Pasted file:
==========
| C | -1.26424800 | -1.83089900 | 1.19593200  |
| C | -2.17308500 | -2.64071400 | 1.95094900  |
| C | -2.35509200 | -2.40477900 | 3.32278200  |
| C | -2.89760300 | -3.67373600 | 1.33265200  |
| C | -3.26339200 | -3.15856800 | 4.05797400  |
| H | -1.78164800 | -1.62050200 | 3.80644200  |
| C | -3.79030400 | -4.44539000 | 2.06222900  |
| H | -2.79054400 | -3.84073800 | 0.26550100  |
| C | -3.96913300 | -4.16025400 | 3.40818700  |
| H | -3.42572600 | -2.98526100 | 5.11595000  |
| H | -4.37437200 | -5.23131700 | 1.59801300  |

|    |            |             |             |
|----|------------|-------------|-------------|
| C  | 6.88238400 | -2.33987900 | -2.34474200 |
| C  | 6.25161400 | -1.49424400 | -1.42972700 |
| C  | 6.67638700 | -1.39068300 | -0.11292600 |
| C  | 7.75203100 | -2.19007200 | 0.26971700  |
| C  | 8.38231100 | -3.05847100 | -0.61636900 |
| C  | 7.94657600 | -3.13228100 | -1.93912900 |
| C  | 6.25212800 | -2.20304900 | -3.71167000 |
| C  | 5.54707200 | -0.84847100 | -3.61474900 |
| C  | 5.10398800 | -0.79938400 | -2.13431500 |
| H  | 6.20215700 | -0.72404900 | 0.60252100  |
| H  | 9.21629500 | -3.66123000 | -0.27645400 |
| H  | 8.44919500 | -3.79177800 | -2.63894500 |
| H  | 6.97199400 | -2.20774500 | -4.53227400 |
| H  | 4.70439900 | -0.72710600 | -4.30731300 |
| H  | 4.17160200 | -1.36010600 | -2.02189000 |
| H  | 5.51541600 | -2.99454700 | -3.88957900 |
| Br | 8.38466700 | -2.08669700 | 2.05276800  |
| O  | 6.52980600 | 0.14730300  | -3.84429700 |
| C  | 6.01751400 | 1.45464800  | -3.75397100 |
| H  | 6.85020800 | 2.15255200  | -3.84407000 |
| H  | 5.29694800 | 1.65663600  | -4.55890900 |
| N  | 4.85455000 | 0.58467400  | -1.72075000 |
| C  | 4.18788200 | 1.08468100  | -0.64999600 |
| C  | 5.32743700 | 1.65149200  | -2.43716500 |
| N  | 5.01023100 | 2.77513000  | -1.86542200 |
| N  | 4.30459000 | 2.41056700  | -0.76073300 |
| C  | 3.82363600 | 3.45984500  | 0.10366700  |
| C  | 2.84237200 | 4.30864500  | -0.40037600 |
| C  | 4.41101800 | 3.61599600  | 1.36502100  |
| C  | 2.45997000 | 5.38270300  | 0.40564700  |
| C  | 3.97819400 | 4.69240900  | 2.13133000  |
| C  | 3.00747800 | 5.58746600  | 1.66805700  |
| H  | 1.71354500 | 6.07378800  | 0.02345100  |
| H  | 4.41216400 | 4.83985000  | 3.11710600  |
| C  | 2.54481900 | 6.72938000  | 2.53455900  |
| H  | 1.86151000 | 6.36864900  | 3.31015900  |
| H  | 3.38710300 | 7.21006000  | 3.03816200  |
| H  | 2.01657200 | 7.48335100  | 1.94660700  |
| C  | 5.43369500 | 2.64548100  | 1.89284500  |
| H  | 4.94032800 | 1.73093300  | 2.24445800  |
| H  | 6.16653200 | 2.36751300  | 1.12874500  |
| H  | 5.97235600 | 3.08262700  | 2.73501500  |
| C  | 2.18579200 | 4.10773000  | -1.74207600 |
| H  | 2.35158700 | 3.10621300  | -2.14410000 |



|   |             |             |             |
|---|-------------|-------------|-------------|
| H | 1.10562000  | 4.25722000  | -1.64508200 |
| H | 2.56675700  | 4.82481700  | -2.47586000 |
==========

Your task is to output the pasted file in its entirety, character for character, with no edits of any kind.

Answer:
| C | -1.26424800 | -1.83089900 | 1.19593200  |
| C | -2.17308500 | -2.64071400 | 1.95094900  |
| C | -2.35509200 | -2.40477900 | 3.32278200  |
| C | -2.89760300 | -3.67373600 | 1.33265200  |
| C | -3.26339200 | -3.15856800 | 4.05797400  |
| H | -1.78164800 | -1.62050200 | 3.80644200  |
| C | -3.79030400 | -4.44539000 | 2.06222900  |
| H | -2.79054400 | -3.84073800 | 0.26550100  |
| C | -3.96913300 | -4.16025400 | 3.40818700  |
| H | -3.42572600 | -2.98526100 | 5.11595000  |
| H | -4.37437200 | -5.23131700 | 1.59801300  |

|    |            |             |             |
|----|------------|-------------|-------------|
| C  | 6.88238400 | -2.33987900 | -2.34474200 |
| C  | 6.25161400 | -1.49424400 | -1.42972700 |
| C  | 6.67638700 | -1.39068300 | -0.11292600 |
| C  | 7.75203100 | -2.19007200 | 0.26971700  |
| C  | 8.38231100 | -3.05847100 | -0.61636900 |
| C  | 7.94657600 | -3.13228100 | -1.93912900 |
| C  | 6.25212800 | -2.20304900 | -3.71167000 |
| C  | 5.54707200 | -0.84847100 | -3.61474900 |
| C  | 5.10398800 | -0.79938400 | -2.13431500 |
| H  | 6.20215700 | -0.72404900 | 0.60252100  |
| H  | 9.21629500 | -3.66123000 | -0.27645400 |
| H  | 8.44919500 | -3.79177800 | -2.63894500 |
| H  | 6.97199400 | -2.20774500 | -4.53227400 |
| H  | 4.70439900 | -0.72710600 | -4.30731300 |
| H  | 4.17160200 | -1.36010600 | -2.02189000 |
| H  | 5.51541600 | -2.99454700 | -3.88957900 |
| Br | 8.38466700 | -2.08669700 | 2.05276800  |
| O  | 6.52980600 | 0.14730300  | -3.84429700 |
| C  | 6.01751400 | 1.45464800  | -3.75397100 |
| H  | 6.85020800 | 2.15255200  | -3.84407000 |
| H  | 5.29694800 | 1.65663600  | -4.55890900 |
| N  | 4.85455000 | 0.58467400  | -1.72075000 |
| C  | 4.18788200 | 1.08468100  | -0.64999600 |
| C  | 5.32743700 | 1.65149200  | -2.43716500 |
| N  | 5.01023100 | 2.77513000  | -1.86542200 |
| N  | 4.30459000 | 2.41056700  | -0.76073300 |
| C  | 3.82363600 | 3.45984500  | 0.10366700  |
| C  | 2.84237200 | 4.30864500  | -0.40037600 |
| C  | 4.41101800 | 3.61599600  | 1.36502100  |
| C  | 2.45997000 | 5.38270300  | 0.40564700  |
| C  | 3.97819400 | 4.69240900  | 2.13133000  |
| C  | 3.00747800 | 5.58746600  | 1.66805700  |
| H  | 1.71354500 | 6.07378800  | 0.02345100  |
| H  | 4.41216400 | 4.83985000  | 3.11710600  |
| C  | 2.54481900 | 6.72938000  | 2.53455900  |
| H  | 1.86151000 | 6.36864900  | 3.31015900  |
| H  | 3.38710300 | 7.21006000  | 3.03816200  |
| H  | 2.01657200 | 7.48335100  | 1.94660700  |
| C  | 5.43369500 | 2.64548100  | 1.89284500  |
| H  | 4.94032800 | 1.73093300  | 2.24445800  |
| H  | 6.16653200 | 2.36751300  | 1.12874500  |
| H  | 5.97235600 | 3.08262700  | 2.73501500  |
| C  | 2.18579200 | 4.10773000  | -1.74207600 |
| H  | 2.35158700 | 3.10621300  | -2.14410000 |



|   |             |             |             |
|---|-------------|-------------|-------------|
| H | 1.10562000  | 4.25722000  | -1.64508200 |
| H | 2.56675700  | 4.82481700  | -2.47586000 |